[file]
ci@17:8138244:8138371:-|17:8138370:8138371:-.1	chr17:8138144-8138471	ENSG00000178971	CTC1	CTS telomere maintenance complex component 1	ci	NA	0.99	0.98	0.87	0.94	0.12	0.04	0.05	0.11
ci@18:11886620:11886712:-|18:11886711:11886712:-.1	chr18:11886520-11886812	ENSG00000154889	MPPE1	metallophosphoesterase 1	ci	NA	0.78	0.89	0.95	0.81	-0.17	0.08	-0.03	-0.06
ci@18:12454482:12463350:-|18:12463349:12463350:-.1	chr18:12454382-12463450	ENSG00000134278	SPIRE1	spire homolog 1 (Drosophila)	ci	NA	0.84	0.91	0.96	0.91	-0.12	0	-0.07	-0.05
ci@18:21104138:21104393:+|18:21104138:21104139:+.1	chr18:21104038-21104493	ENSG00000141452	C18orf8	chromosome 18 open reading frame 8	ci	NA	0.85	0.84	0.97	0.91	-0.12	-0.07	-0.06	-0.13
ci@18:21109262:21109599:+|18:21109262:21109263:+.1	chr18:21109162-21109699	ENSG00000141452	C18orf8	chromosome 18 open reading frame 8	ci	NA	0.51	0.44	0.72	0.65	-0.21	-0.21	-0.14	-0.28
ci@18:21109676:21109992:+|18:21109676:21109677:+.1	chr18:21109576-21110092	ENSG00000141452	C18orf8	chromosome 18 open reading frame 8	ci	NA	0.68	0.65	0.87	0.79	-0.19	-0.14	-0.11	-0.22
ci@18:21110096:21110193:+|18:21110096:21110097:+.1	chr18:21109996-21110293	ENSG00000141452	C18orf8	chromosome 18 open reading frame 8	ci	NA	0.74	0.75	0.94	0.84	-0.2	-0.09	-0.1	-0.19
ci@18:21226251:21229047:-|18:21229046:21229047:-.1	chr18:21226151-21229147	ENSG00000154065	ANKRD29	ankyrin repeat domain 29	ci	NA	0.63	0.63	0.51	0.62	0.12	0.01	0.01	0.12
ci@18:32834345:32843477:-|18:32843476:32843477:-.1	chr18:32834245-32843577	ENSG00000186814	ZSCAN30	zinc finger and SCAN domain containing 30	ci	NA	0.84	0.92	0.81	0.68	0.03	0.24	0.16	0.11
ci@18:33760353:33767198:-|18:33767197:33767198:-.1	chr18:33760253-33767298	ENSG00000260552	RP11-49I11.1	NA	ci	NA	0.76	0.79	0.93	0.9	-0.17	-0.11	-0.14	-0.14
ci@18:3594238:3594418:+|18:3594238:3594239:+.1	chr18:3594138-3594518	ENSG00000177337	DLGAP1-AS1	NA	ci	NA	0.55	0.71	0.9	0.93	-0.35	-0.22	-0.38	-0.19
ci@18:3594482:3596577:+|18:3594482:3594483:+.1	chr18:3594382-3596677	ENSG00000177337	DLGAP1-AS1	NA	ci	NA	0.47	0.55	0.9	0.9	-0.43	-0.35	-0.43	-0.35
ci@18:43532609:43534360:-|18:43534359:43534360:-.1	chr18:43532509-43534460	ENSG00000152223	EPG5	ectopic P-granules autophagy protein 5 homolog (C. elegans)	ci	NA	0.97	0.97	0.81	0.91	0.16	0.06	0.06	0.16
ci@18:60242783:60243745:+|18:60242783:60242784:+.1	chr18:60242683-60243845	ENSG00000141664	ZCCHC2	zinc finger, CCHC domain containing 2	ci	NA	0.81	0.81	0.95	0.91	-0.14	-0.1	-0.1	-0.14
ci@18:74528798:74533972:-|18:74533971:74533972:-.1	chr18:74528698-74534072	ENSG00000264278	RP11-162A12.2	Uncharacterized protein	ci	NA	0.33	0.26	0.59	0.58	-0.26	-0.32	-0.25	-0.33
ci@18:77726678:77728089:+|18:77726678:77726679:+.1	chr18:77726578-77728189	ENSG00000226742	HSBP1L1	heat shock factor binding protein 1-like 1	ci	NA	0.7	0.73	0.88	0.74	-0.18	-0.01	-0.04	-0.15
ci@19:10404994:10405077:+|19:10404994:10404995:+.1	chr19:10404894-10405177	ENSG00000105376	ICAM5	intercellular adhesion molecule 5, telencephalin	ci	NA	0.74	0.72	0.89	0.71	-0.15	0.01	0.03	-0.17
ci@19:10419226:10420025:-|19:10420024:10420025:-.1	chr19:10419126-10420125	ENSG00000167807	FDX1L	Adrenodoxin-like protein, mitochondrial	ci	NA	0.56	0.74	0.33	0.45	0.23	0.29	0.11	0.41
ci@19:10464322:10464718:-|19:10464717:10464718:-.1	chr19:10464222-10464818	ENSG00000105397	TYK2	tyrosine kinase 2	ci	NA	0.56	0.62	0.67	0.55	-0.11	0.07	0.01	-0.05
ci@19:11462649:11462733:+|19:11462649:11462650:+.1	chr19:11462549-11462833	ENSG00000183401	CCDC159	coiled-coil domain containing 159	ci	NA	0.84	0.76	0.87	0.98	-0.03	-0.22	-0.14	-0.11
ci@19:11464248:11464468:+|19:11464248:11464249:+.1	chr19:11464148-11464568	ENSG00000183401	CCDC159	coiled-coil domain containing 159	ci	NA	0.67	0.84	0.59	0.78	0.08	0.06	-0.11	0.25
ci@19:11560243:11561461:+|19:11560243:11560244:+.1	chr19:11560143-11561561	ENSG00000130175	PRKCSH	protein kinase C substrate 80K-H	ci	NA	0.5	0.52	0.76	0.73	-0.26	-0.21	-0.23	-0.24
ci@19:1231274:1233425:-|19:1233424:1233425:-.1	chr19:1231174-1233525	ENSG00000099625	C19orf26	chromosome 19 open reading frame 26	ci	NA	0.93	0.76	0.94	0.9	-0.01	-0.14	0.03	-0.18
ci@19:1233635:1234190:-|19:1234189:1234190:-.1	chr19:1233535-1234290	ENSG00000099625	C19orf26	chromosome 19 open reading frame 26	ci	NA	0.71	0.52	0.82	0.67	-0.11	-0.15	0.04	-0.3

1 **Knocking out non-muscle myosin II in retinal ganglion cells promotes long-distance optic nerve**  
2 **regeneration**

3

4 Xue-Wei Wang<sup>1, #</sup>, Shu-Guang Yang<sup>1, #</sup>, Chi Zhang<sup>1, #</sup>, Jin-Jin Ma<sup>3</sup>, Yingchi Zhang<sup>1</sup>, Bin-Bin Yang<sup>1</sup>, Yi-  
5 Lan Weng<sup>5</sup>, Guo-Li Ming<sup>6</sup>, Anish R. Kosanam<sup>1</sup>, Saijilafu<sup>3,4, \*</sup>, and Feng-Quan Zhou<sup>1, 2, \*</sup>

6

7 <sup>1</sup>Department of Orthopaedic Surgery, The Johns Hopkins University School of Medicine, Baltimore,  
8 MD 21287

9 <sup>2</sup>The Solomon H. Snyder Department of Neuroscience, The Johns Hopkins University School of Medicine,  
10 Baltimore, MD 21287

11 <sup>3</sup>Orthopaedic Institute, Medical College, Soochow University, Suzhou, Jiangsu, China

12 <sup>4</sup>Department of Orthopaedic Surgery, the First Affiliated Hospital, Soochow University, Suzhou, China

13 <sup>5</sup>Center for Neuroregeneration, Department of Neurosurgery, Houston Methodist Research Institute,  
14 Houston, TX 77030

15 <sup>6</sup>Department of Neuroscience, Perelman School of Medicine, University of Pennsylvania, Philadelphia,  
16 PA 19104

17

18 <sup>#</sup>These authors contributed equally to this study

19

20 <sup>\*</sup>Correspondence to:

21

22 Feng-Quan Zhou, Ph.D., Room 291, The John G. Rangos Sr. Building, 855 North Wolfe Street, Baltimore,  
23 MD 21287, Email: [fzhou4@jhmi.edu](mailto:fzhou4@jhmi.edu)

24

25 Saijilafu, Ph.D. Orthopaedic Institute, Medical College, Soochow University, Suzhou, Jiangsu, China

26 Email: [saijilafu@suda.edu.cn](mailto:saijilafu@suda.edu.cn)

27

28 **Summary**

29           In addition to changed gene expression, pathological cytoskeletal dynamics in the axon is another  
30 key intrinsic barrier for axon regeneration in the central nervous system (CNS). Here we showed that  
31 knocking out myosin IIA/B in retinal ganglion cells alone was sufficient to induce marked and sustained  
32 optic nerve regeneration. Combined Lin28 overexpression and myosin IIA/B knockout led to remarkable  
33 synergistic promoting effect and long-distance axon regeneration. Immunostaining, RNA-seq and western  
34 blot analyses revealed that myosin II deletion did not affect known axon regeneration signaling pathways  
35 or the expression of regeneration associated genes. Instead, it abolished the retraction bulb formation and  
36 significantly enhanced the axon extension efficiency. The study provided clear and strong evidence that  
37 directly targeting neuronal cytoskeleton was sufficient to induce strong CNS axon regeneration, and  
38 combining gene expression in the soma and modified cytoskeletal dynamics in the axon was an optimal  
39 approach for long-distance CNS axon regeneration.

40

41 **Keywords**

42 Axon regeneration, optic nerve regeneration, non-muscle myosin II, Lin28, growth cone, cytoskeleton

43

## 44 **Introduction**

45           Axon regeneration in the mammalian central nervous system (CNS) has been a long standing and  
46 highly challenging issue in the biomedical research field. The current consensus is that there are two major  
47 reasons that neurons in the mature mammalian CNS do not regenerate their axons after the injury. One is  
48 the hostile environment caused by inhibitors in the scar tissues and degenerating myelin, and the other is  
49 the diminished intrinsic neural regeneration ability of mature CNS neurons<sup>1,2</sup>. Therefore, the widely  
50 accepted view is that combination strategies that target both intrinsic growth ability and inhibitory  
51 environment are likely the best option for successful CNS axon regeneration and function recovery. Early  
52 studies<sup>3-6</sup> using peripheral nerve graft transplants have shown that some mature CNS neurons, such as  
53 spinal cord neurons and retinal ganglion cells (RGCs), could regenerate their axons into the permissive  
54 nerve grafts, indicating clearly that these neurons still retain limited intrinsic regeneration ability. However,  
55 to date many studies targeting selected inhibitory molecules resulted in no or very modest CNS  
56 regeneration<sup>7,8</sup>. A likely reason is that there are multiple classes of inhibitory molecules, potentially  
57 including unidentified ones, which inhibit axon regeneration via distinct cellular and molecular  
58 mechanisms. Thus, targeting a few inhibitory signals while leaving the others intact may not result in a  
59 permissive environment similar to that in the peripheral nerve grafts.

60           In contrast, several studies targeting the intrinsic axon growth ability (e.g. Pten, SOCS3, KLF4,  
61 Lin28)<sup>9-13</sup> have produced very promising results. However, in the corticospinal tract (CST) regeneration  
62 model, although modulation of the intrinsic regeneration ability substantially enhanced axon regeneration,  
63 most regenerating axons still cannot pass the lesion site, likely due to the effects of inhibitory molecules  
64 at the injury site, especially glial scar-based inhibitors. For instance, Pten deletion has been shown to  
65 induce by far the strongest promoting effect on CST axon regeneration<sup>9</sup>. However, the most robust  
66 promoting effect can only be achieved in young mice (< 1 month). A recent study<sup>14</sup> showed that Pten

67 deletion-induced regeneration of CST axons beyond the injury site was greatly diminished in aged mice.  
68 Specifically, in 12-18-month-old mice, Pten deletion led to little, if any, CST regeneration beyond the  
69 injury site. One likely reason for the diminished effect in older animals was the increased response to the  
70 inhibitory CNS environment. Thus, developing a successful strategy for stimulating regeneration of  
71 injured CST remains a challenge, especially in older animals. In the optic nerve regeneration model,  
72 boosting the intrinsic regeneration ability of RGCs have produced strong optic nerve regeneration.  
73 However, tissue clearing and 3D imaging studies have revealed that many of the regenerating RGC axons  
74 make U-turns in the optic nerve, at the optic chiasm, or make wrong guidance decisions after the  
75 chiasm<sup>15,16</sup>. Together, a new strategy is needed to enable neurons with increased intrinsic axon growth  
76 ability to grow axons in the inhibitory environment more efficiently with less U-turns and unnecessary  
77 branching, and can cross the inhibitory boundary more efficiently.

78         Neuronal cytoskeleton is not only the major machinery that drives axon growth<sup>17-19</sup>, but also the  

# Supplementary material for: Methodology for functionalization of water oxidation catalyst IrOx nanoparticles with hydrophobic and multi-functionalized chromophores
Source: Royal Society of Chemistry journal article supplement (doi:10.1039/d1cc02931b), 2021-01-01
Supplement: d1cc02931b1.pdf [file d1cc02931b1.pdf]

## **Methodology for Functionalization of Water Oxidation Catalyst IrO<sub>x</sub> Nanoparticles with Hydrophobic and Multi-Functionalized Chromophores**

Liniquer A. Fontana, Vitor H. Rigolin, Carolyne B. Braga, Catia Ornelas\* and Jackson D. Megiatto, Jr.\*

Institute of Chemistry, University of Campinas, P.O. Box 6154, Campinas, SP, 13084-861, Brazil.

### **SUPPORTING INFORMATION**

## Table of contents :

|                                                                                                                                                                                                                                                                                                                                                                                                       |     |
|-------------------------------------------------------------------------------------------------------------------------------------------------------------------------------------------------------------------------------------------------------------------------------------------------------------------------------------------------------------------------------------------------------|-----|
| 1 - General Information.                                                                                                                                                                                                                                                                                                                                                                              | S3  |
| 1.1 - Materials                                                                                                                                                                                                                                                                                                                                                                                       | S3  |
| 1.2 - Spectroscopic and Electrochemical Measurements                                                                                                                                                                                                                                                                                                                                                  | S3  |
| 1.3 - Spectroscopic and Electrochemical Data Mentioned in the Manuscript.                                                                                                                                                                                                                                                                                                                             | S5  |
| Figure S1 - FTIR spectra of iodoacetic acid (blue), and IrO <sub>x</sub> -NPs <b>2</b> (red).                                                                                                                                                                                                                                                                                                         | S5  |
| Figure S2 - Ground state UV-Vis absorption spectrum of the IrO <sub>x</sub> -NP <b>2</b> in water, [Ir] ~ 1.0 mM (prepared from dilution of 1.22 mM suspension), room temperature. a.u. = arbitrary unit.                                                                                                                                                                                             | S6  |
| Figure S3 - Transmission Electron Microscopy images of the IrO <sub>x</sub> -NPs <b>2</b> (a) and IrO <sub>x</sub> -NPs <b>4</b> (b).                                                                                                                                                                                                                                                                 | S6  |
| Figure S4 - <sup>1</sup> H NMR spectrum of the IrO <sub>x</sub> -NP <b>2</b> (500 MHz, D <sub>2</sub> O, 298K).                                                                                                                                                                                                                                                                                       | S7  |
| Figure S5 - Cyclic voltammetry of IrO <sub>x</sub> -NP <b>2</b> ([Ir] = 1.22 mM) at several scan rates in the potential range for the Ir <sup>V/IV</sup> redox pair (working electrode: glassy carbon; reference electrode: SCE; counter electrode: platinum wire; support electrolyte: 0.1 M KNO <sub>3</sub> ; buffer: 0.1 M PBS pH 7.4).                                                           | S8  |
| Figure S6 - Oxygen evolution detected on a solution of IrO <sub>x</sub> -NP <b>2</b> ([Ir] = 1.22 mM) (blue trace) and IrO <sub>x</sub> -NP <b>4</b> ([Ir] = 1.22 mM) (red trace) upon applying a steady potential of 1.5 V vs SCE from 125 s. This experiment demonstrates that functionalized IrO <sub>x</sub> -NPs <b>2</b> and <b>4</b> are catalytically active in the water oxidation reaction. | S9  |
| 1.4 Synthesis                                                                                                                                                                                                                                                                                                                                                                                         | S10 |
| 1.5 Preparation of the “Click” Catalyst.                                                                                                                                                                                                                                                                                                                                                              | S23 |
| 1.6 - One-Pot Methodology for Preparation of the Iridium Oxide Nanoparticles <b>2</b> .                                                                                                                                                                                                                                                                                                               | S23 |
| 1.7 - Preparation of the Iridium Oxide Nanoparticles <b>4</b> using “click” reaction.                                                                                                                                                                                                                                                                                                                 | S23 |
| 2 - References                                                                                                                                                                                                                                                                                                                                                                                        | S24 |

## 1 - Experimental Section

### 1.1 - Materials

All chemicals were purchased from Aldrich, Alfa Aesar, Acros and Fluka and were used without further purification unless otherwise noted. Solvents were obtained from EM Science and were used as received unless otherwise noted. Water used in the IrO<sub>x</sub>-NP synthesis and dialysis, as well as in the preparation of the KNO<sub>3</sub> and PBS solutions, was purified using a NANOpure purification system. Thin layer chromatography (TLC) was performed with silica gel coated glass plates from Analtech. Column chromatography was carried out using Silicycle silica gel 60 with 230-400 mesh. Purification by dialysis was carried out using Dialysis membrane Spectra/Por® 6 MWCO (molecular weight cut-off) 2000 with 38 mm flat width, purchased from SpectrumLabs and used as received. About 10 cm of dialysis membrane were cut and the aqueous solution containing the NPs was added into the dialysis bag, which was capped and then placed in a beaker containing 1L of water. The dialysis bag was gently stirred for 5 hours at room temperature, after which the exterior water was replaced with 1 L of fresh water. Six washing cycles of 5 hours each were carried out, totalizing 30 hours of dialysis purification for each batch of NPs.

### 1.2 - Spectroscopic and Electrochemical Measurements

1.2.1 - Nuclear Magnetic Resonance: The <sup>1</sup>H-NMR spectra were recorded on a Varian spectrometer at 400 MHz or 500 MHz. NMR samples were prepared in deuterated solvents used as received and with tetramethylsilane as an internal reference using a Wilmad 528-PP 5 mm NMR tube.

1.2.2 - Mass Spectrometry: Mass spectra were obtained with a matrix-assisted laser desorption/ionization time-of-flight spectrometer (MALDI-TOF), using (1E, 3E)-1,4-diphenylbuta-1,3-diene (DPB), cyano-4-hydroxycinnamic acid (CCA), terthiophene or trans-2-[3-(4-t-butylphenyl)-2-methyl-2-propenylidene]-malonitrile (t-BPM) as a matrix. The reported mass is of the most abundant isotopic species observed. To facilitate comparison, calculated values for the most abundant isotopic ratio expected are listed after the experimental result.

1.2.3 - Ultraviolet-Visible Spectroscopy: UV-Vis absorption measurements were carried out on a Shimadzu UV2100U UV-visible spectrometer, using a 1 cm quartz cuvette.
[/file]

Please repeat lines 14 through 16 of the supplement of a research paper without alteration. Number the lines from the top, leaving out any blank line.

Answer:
ci@18:60242783:60243745:+|18:60242783:60242784:+.1	chr18:60242683-60243845	ENSG00000141664	ZCCHC2	zinc finger, CCHC domain containing 2	ci	NA	0.81	0.81	0.95	0.91	-0.14	-0.1	-0.1	-0.14
ci@18:74528798:74533972:-|18:74533971:74533972:-.1	chr18:74528698-74534072	ENSG00000264278	RP11-162A12.2	Uncharacterized protein	ci	NA	0.33	0.26	0.59	0.58	-0.26	-0.32	-0.25	-0.33
ci@18:77726678:77728089:+|18:77726678:77726679:+.1	chr18:77726578-77728189	ENSG00000226742	HSBP1L1	heat shock factor binding protein 1-like 1	ci	NA	0.7	0.73	0.88	0.74	-0.18	-0.01	-0.04	-0.15